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To Make Health Care Affordable, Give Patients Choices

To Make Health Care Affordable, Give Patients Choices

Affordability is on the mind of every American in 2024. From groceries to gas, Americans are spending more. Health care is no different, especially for those with costly medical conditions and high deductibles who started back at $0 of their “deductible met” on January 1.

Health care affordability was recently listed as a top issue for voters in 2024 alongside inflation, with eight in ten and nine in ten wanting presidential candidates to talk about the issues, respectively. In 2023, family health insurance premiums rose to nearly $24,000—a 7 percent increase from 2022—and one in five adults with insurance reported not obtaining needed health care in the past year due to cost.

The country is also spending more overall. Every December, the Centers for Medicare and Medicaid Services provides national health expenditure data for the prior year. Last month’s data showed that in 2022, Americans spent $4.5 trillion—17.3 percent of our GDP—on health care. This was a 4.1 percent increase from 2021 and averaged about $13,500 per person.

This year marks the 11-year anniversary of the implementation of the Affordable Care Act (ACA)—a sweeping law now proven to be affordable in name only. Earlier this month, President Joe Biden touted a record 20 million Americans enrolled in ACA marketplaces as a marker of the law’s success. What he didn’t address was the high cost of health care in America and the amount of government subsidization required to keep up with rising costs.

Four out of five Americans enrolled in the individual market are subsidized by the government—increasing from 9.7 million people in 2021 to 14.3 million in 2023 with higher numbers anticipated in 2024. This is largely due to the Biden administration’s enhanced premium tax credit subsidies from the American Rescue Plan Act and the Inflation Reduction Act. These subsidies go directly to insurance companies rather than to Americans, and extend far beyond the original safety net population. For example, these laws provide premium tax credits to those with incomes greater than 400 percent of the federal poverty line (above $120,000 for a family of four) paying more than 8.5 percent of their income on premiums.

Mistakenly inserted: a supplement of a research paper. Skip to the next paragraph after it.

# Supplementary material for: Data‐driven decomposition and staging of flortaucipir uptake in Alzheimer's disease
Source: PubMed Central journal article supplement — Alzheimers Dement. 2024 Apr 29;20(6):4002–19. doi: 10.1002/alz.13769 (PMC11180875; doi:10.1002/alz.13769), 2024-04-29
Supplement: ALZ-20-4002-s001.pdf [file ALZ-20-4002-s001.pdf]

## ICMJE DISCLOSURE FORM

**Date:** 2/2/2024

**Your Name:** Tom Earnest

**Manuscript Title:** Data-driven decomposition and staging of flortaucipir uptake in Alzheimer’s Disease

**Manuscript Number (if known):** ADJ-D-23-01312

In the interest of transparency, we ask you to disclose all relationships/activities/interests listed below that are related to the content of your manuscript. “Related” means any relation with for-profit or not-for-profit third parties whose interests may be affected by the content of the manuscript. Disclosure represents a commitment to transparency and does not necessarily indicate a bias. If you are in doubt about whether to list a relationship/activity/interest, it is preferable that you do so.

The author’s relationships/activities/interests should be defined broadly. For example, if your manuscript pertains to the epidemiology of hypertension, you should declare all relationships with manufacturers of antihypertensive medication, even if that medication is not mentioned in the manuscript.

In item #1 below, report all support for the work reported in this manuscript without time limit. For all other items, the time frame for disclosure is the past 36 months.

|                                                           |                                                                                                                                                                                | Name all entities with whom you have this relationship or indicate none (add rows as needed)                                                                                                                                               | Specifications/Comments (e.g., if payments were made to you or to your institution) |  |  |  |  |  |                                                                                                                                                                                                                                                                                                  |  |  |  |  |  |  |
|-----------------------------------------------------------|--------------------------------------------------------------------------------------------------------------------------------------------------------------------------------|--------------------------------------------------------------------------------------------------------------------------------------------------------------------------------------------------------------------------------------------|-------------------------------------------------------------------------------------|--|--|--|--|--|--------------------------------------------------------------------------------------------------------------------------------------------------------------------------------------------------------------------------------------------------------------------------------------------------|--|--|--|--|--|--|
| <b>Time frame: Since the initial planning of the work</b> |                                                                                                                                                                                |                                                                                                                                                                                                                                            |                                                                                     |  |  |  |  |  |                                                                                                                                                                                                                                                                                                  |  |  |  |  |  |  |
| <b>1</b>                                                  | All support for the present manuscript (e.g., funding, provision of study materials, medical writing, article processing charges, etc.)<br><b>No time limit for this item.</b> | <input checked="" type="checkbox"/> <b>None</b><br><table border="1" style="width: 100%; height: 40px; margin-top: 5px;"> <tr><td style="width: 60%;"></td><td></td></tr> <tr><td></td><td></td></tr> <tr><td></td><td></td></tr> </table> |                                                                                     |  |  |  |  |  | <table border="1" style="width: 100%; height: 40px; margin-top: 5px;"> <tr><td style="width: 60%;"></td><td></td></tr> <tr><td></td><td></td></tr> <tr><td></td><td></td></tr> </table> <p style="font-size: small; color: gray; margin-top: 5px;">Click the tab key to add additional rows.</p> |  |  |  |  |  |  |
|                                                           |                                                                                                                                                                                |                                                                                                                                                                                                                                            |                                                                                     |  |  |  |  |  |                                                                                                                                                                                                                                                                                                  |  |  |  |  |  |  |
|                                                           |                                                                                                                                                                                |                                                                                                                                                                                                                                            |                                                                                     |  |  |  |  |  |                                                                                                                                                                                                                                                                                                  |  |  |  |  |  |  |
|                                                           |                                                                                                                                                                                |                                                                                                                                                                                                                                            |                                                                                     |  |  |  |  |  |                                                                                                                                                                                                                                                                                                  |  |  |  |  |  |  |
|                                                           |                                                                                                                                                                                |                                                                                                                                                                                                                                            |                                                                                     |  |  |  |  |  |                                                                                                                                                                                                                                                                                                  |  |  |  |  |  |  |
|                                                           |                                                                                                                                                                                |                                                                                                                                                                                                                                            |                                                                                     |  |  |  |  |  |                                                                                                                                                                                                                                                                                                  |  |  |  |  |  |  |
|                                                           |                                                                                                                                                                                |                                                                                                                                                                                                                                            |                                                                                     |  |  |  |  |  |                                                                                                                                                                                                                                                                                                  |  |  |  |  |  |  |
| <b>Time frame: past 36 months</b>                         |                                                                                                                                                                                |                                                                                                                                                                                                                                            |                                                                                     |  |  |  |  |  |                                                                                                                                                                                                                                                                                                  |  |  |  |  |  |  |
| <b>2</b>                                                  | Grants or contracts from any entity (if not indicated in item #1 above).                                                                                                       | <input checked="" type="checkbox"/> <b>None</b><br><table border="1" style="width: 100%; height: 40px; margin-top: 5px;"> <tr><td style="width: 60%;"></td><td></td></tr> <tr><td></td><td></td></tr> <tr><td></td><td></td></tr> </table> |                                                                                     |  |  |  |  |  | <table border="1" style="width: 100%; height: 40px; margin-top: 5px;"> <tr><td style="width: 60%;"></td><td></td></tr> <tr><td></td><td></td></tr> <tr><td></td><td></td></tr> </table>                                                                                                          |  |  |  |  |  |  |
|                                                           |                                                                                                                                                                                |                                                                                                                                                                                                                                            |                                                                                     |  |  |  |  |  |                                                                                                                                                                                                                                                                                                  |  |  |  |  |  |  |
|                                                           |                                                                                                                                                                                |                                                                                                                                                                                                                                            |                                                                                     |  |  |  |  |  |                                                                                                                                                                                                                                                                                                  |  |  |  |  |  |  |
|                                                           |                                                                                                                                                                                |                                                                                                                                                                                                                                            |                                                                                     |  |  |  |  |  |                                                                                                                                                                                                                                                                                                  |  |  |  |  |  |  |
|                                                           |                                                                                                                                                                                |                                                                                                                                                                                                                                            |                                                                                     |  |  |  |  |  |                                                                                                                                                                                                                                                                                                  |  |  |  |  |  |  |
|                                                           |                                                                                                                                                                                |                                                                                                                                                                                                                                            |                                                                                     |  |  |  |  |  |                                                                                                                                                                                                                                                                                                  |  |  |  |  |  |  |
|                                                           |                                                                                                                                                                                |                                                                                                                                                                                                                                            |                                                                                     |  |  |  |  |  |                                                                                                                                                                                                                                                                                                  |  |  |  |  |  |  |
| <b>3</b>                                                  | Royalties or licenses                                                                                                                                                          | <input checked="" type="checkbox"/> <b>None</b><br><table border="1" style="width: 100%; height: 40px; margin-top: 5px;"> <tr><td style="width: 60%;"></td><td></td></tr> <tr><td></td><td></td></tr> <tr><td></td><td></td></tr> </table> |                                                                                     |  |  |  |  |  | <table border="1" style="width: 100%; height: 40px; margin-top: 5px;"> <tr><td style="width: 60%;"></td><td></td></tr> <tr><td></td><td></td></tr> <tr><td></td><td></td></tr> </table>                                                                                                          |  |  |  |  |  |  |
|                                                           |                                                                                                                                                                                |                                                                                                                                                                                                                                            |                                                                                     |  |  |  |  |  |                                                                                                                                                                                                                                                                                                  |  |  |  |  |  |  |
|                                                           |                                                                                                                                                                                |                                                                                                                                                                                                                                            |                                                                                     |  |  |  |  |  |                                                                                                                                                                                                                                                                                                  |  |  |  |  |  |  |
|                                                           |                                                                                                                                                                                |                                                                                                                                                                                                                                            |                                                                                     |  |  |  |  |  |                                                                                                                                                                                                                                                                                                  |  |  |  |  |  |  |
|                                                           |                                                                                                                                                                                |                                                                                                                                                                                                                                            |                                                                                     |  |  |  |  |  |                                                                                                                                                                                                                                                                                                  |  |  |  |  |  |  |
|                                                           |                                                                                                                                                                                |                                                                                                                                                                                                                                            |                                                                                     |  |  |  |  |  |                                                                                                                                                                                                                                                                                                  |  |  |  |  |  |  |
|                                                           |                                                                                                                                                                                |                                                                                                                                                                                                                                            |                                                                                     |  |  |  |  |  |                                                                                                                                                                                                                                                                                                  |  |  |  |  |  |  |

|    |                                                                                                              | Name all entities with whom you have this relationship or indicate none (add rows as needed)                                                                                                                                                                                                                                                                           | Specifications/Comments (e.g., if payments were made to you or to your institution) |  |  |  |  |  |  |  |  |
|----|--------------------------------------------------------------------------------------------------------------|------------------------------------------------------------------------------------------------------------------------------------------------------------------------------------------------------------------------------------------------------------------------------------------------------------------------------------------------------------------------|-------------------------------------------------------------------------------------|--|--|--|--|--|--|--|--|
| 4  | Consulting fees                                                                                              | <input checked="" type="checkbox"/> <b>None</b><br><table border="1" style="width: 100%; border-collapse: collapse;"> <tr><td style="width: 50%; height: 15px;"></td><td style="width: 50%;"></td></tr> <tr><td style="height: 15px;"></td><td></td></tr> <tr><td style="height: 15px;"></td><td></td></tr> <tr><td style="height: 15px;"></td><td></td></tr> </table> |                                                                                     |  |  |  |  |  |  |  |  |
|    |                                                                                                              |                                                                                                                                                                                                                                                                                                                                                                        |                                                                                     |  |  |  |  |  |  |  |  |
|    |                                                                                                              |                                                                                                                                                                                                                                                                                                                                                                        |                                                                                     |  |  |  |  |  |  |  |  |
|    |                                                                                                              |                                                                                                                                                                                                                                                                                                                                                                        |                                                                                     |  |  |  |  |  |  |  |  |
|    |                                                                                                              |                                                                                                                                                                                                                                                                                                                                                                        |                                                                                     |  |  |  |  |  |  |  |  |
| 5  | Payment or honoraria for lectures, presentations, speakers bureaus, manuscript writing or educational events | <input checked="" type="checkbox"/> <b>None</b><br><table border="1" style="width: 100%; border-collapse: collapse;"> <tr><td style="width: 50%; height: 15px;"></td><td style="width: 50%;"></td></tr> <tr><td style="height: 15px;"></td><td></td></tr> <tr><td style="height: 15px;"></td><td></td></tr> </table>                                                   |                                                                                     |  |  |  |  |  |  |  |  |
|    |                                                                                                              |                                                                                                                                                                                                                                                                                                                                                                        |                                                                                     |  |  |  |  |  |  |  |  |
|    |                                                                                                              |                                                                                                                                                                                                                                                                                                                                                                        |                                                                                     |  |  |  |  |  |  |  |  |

Policy alternatives are desperately needed to address the affordability crisis in health care. Congress should give individuals control of their health care dollars and freedom to choose what works best for them and their families.

Federal policymakers should give ACA subsidies directly to patients instead of insurance companies, and increase their portability by allowing individuals to use the subsidies on direct health care spending or any health care coverage approved by their state insurance commissioners. America’s leaders should then prioritize five solutions to empower Americans with options to choose more affordable care and use these subsidies and other health care spending more efficiently.

Hospital room
A medical worker treats a non Covid-19 patient, who is just in a room besides rooms with Covid-19 patients, in the ICU ward at UMass Memorial Medical Center in Worcester, Massachusetts on January 4, 2022….

Joseph Prezioso / AFP/Getty Images